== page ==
by John R. Fischer
, Senior Reporter | February 06, 2020
Abbott has scored a breakthrough device designation from the FDA for its Fully Implantable Left Ventricular Assist System (FILVAS).
Currently still in development, the left ventricle assist device (LVAD) will be designed for patients living with heart failure but spare them the hassles that come with using current heart pump technology.
“People living with an LVAD today have to care for the site on his or her skin where the electrical power cable exits the body to make sure it doesn’t get infected,” Kevin Bourque, divisional vice president of research and development for Abbott’s Mechanical Circulatory Support portfolio, told HCB News. “Additionally, people living with an LVAD also have to carry external batteries and a system controller everywhere they go. The only alternate is to be tethered to a cable plugged into the wall.”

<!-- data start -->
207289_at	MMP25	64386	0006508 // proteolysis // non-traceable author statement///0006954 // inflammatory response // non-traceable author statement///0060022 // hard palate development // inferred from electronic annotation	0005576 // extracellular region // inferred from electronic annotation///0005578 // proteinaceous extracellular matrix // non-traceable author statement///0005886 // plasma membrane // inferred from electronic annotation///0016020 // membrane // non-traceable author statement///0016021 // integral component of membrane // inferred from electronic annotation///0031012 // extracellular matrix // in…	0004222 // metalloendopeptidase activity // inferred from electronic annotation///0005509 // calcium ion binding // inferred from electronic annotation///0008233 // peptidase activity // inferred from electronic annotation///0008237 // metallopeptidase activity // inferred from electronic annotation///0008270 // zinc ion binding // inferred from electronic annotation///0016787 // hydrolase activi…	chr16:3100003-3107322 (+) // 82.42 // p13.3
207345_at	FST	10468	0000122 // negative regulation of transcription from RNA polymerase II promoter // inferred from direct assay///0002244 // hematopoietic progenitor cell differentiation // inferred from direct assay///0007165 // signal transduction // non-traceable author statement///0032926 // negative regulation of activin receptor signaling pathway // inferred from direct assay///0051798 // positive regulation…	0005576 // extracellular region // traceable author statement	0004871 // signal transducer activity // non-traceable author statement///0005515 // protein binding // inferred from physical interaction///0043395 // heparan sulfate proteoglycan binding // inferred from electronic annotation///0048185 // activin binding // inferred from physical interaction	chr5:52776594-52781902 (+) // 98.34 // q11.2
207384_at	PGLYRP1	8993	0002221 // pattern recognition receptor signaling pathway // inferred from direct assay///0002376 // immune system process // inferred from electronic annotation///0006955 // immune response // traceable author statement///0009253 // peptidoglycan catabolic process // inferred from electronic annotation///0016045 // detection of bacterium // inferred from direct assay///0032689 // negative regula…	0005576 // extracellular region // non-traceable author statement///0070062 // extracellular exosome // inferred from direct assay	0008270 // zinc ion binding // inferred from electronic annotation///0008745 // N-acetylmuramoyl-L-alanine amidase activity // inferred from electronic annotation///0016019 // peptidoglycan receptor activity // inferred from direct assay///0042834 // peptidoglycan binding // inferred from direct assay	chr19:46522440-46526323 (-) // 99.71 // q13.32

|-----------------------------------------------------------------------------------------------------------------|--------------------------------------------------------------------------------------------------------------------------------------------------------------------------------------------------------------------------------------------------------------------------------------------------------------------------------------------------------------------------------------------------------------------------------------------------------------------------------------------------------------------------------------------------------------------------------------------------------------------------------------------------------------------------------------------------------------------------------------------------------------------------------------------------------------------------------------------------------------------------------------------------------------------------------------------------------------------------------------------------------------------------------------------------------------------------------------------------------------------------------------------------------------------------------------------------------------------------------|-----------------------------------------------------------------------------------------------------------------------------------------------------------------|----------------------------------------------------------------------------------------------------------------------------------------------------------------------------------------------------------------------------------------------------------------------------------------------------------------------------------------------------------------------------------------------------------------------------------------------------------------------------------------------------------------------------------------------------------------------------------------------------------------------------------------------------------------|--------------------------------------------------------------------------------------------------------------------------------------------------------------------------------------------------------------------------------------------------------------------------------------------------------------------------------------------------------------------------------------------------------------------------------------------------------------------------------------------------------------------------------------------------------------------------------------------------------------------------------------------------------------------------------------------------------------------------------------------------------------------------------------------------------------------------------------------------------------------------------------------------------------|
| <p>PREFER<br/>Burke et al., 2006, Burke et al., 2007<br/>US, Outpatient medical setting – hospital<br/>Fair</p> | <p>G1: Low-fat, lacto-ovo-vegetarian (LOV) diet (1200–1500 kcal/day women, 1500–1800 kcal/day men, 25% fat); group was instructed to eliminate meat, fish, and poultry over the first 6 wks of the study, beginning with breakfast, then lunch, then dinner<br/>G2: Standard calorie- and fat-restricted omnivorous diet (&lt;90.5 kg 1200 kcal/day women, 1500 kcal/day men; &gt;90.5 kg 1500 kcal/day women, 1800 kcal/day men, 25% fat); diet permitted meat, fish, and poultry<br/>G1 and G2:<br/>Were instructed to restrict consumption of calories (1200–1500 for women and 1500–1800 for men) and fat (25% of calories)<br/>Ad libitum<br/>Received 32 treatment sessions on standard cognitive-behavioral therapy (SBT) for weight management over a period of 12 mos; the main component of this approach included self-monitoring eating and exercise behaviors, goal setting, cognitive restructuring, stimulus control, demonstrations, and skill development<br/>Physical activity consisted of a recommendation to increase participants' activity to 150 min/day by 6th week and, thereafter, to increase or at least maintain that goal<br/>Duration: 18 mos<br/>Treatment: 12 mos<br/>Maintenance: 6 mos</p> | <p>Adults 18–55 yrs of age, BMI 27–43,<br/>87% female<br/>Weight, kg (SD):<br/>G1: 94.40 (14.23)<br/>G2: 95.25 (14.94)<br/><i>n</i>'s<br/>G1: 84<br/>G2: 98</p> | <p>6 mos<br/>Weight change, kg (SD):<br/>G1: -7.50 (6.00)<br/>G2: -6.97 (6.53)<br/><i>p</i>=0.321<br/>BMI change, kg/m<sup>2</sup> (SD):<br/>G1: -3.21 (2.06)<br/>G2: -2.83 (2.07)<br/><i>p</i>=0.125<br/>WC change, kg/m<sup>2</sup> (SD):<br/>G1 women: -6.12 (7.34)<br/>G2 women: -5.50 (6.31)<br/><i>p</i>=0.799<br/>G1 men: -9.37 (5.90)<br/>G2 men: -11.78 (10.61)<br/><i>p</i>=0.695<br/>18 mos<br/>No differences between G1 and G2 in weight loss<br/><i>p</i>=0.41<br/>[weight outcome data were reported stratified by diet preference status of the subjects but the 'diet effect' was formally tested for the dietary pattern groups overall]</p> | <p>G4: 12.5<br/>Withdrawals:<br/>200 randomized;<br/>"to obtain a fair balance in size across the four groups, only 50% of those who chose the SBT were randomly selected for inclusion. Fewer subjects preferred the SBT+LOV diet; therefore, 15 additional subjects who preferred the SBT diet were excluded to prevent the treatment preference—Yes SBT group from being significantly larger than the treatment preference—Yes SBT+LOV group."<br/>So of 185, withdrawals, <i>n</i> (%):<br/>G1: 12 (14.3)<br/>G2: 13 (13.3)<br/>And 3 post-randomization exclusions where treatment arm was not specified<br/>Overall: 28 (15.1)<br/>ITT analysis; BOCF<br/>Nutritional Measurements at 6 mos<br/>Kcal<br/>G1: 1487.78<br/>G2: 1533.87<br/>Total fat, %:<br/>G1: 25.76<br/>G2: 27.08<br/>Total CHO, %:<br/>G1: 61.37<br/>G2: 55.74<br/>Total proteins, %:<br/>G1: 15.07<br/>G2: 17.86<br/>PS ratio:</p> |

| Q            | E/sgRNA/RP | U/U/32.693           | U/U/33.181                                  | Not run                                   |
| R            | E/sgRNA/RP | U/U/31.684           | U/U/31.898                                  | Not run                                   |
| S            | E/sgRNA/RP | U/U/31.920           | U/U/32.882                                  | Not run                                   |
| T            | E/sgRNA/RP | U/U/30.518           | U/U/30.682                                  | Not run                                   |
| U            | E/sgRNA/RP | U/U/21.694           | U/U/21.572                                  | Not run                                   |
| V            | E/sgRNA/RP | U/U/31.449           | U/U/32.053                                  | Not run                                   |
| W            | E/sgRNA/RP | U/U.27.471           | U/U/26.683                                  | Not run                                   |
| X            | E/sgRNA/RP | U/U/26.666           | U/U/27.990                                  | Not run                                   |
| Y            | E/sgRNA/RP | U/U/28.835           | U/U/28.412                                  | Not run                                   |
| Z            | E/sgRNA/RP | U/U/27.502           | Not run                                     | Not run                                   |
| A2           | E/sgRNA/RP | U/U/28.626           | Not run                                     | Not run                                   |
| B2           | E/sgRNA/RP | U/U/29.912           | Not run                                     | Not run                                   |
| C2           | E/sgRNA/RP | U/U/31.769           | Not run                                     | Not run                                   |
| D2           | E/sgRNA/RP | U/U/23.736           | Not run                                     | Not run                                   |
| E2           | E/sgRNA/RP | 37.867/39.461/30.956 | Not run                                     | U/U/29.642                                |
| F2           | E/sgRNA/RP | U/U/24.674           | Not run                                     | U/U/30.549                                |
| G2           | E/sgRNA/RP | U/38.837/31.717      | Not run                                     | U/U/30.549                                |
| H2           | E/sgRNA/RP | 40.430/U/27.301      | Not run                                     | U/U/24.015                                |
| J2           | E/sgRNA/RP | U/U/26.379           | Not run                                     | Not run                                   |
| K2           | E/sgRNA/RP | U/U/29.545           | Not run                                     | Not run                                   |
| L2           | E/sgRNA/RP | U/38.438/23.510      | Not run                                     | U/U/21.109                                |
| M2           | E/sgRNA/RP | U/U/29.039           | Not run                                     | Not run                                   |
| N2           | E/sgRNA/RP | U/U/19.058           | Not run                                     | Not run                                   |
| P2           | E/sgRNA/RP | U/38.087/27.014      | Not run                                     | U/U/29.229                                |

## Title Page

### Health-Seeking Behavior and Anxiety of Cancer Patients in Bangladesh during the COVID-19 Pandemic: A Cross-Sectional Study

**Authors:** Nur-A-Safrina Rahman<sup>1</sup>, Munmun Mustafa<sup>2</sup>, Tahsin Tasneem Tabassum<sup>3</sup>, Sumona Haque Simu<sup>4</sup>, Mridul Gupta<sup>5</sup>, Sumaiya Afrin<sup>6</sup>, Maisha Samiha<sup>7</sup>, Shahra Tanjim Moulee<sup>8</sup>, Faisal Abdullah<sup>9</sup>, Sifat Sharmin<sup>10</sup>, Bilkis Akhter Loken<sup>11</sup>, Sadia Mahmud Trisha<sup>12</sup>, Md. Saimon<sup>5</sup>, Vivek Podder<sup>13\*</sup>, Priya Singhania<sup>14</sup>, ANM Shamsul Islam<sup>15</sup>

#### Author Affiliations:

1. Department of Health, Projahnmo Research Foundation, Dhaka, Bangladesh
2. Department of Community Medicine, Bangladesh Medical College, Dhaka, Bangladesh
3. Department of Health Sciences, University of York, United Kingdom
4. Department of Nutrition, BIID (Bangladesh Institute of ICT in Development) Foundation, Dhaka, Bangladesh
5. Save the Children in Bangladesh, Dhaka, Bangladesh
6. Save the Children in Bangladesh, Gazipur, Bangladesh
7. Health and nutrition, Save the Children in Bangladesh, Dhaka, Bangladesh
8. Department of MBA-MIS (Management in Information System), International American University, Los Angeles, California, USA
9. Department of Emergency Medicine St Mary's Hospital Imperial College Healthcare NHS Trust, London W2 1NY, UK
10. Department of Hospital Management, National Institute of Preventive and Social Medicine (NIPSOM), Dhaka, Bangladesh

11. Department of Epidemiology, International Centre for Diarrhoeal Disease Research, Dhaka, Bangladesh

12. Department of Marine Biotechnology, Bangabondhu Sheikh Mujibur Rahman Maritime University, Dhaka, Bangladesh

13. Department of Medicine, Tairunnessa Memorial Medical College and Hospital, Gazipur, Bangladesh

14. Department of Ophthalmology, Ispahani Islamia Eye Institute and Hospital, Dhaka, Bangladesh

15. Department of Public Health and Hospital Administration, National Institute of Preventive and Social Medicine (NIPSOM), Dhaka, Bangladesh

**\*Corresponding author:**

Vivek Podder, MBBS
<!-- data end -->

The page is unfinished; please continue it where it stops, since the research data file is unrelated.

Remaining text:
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Approximately 6.2 million people in the U.S. live with heart failure, with more than 600,000 reaching an advanced stage each year where traditional therapies, such as medication and cardiac resynchronization, no longer work.
FILVAS requires no external components, enabling patients to not be completely tethered and to not have to carry any external equipment. The result for patients is more freedom and a greater quality of life, according to Bourque.
“Having to continuously carry external equipment is a lifestyle disadvantage that everyone can appreciate,” he said. “We are focused on continuing to drive such deterrents out of this lifesaving technology.”
The FDA also recently approved the use of Abbott's HeartMate 3 LVAD solution
through a less invasive approach than open-heart surgery.
FILVAS is currently in research and development, and not yet available for sale anywhere in the world.